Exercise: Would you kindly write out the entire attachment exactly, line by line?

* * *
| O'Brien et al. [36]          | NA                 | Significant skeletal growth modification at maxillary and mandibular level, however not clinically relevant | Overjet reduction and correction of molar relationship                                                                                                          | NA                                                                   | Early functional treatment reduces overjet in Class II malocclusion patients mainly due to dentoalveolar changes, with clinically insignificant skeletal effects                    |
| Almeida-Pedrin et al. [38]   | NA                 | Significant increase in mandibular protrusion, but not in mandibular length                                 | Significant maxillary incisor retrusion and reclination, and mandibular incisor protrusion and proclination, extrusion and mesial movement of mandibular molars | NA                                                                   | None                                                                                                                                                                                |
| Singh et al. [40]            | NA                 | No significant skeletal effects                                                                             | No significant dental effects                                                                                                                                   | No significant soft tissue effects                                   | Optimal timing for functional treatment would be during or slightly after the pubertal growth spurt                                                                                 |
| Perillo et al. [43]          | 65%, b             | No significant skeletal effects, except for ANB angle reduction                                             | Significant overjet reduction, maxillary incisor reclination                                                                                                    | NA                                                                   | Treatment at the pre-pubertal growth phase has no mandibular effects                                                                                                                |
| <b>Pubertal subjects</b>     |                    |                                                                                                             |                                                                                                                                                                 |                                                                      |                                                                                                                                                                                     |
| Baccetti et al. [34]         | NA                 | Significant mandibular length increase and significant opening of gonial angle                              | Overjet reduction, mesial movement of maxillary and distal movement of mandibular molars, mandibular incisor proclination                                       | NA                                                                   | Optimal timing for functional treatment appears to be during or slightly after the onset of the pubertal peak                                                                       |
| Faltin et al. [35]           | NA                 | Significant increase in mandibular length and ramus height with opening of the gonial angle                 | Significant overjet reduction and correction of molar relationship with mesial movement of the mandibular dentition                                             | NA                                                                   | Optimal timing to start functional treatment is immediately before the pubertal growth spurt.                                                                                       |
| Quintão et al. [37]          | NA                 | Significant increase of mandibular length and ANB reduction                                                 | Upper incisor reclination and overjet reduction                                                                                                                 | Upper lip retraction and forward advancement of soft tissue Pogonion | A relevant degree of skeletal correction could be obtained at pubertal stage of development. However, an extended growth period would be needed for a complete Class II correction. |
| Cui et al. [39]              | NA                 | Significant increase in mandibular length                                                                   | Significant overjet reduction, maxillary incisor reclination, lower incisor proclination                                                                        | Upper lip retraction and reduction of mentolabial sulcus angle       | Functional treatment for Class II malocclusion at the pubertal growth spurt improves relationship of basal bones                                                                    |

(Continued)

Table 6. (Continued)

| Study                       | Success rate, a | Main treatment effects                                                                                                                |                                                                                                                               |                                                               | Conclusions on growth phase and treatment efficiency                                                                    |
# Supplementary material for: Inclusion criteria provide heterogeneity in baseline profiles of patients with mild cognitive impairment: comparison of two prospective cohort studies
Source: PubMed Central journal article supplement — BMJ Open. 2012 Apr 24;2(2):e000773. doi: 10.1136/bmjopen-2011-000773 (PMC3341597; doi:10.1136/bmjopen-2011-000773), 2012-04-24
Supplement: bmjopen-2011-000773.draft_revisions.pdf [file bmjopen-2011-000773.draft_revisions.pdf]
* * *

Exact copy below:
| O'Brien et al. [36]          | NA                 | Significant skeletal growth modification at maxillary and mandibular level, however not clinically relevant | Overjet reduction and correction of molar relationship                                                                                                          | NA                                                                   | Early functional treatment reduces overjet in Class II malocclusion patients mainly due to dentoalveolar changes, with clinically insignificant skeletal effects                    |
| Almeida-Pedrin et al. [38]   | NA                 | Significant increase in mandibular protrusion, but not in mandibular length                                 | Significant maxillary incisor retrusion and reclination, and mandibular incisor protrusion and proclination, extrusion and mesial movement of mandibular molars | NA                                                                   | None                                                                                                                                                                                |
| Singh et al. [40]            | NA                 | No significant skeletal effects                                                                             | No significant dental effects                                                                                                                                   | No significant soft tissue effects                                   | Optimal timing for functional treatment would be during or slightly after the pubertal growth spurt                                                                                 |
| Perillo et al. [43]          | 65%, b             | No significant skeletal effects, except for ANB angle reduction                                             | Significant overjet reduction, maxillary incisor reclination                                                                                                    | NA                                                                   | Treatment at the pre-pubertal growth phase has no mandibular effects                                                                                                                |
| <b>Pubertal subjects</b>     |                    |                                                                                                             |                                                                                                                                                                 |                                                                      |                                                                                                                                                                                     |
| Baccetti et al. [34]         | NA                 | Significant mandibular length increase and significant opening of gonial angle                              | Overjet reduction, mesial movement of maxillary and distal movement of mandibular molars, mandibular incisor proclination                                       | NA                                                                   | Optimal timing for functional treatment appears to be during or slightly after the onset of the pubertal peak                                                                       |
| Faltin et al. [35]           | NA                 | Significant increase in mandibular length and ramus height with opening of the gonial angle                 | Significant overjet reduction and correction of molar relationship with mesial movement of the mandibular dentition                                             | NA                                                                   | Optimal timing to start functional treatment is immediately before the pubertal growth spurt.                                                                                       |
| Quintão et al. [37]          | NA                 | Significant increase of mandibular length and ANB reduction                                                 | Upper incisor reclination and overjet reduction                                                                                                                 | Upper lip retraction and forward advancement of soft tissue Pogonion | A relevant degree of skeletal correction could be obtained at pubertal stage of development. However, an extended growth period would be needed for a complete Class II correction. |
| Cui et al. [39]              | NA                 | Significant increase in mandibular length                                                                   | Significant overjet reduction, maxillary incisor reclination, lower incisor proclination                                                                        | Upper lip retraction and reduction of mentolabial sulcus angle       | Functional treatment for Class II malocclusion at the pubertal growth spurt improves relationship of basal bones                                                                    |

(Continued)

Table 6. (Continued)

| Study                       | Success rate, a | Main treatment effects                                                                                                                |                                                                                                                               |                                                               | Conclusions on growth phase and treatment efficiency                                                                    |
# Supplementary material for: Inclusion criteria provide heterogeneity in baseline profiles of patients with mild cognitive impairment: comparison of two prospective cohort studies
Source: PubMed Central journal article supplement — BMJ Open. 2012 Apr 24;2(2):e000773. doi: 10.1136/bmjopen-2011-000773 (PMC3341597; doi:10.1136/bmjopen-2011-000773), 2012-04-24
Supplement: bmjopen-2011-000773.draft_revisions.pdf [file bmjopen-2011-000773.draft_revisions.pdf]